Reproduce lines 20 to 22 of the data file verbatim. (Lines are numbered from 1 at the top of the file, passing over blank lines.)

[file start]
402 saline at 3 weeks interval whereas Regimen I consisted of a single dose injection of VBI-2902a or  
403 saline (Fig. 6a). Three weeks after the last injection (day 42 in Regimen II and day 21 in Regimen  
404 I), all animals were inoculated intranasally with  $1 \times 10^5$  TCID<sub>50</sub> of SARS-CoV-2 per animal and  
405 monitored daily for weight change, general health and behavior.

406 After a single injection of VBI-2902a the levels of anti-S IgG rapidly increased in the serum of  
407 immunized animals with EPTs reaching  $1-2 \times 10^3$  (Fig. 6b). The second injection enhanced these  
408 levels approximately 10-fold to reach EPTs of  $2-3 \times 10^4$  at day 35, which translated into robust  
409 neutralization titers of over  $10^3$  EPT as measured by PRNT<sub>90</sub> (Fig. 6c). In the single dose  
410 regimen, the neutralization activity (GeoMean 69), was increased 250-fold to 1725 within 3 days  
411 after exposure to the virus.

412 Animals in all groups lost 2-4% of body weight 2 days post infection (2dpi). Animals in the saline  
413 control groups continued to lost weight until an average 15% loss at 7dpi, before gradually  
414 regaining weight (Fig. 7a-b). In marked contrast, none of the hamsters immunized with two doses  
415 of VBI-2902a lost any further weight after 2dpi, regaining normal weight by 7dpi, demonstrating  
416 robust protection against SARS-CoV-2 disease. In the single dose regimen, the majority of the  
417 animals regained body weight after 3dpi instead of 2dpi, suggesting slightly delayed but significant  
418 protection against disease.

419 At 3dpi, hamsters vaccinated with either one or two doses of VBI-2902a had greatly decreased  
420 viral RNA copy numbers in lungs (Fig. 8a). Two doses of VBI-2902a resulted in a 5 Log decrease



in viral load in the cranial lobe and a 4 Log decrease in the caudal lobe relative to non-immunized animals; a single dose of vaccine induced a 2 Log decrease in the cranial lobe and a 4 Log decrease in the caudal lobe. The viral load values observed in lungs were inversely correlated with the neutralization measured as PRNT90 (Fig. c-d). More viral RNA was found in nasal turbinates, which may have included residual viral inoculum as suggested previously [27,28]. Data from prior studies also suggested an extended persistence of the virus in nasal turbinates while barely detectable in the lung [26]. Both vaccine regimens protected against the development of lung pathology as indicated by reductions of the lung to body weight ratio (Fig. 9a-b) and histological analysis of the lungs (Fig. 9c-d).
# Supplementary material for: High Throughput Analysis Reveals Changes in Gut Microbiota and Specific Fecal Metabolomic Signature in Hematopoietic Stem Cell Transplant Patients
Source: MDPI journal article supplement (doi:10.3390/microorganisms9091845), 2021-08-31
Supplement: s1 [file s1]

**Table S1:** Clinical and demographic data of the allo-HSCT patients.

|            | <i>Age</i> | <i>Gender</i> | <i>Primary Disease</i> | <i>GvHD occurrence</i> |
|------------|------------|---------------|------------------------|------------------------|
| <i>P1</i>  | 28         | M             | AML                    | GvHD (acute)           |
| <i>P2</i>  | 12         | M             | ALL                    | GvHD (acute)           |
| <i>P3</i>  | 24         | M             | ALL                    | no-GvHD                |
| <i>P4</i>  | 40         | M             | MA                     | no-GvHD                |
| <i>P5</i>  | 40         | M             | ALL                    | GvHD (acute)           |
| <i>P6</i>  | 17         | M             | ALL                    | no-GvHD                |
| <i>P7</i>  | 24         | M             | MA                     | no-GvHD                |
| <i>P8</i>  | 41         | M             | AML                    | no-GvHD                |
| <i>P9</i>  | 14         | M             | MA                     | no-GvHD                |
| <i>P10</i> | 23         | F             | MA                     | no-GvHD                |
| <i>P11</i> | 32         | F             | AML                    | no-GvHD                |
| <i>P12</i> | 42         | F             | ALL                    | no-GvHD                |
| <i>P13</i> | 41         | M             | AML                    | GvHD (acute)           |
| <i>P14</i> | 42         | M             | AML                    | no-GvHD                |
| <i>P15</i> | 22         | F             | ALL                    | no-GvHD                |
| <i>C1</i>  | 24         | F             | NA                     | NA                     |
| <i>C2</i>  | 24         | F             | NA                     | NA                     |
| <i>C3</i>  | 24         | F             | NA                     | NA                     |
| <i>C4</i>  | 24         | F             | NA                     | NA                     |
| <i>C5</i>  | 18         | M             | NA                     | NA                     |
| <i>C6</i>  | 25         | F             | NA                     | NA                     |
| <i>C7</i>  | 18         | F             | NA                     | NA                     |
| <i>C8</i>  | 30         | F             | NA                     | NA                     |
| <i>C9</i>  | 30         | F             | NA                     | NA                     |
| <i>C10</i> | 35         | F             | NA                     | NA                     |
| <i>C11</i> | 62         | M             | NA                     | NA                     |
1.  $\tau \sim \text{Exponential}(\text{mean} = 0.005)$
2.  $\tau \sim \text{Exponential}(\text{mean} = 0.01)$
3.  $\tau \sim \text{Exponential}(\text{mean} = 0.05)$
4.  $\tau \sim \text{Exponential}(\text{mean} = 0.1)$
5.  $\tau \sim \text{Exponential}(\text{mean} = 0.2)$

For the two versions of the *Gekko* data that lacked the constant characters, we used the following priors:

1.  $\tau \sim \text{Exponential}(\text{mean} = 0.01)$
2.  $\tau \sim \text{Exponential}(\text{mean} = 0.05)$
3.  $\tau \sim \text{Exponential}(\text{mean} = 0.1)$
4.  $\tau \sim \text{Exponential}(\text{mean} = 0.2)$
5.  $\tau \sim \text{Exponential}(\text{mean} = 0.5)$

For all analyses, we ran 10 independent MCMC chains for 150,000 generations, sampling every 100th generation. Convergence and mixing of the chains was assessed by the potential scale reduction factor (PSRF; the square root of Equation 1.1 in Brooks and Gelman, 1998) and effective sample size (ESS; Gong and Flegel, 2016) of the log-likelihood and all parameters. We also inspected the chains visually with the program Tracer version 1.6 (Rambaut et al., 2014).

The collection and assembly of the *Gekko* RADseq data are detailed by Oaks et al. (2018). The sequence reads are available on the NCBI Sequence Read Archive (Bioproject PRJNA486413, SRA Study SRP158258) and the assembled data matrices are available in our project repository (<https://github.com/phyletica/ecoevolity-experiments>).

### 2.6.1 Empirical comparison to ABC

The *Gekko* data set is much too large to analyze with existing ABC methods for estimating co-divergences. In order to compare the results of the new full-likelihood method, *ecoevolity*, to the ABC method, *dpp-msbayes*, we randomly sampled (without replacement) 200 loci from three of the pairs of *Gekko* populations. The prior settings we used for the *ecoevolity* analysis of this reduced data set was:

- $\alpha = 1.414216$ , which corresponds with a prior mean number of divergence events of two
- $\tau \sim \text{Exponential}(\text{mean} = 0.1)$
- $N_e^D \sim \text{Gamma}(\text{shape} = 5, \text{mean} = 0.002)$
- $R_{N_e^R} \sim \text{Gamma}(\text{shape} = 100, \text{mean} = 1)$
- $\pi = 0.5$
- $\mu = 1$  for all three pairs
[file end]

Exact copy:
in viral load in the cranial lobe and a 4 Log decrease in the caudal lobe relative to non-immunized animals; a single dose of vaccine induced a 2 Log decrease in the cranial lobe and a 4 Log decrease in the caudal lobe. The viral load values observed in lungs were inversely correlated with the neutralization measured as PRNT90 (Fig. c-d). More viral RNA was found in nasal turbinates, which may have included residual viral inoculum as suggested previously [27,28]. Data from prior studies also suggested an extended persistence of the virus in nasal turbinates while barely detectable in the lung [26]. Both vaccine regimens protected against the development of lung pathology as indicated by reductions of the lung to body weight ratio (Fig. 9a-b) and histological analysis of the lungs (Fig. 9c-d).
# Supplementary material for: High Throughput Analysis Reveals Changes in Gut Microbiota and Specific Fecal Metabolomic Signature in Hematopoietic Stem Cell Transplant Patients
Source: MDPI journal article supplement (doi:10.3390/microorganisms9091845), 2021-08-31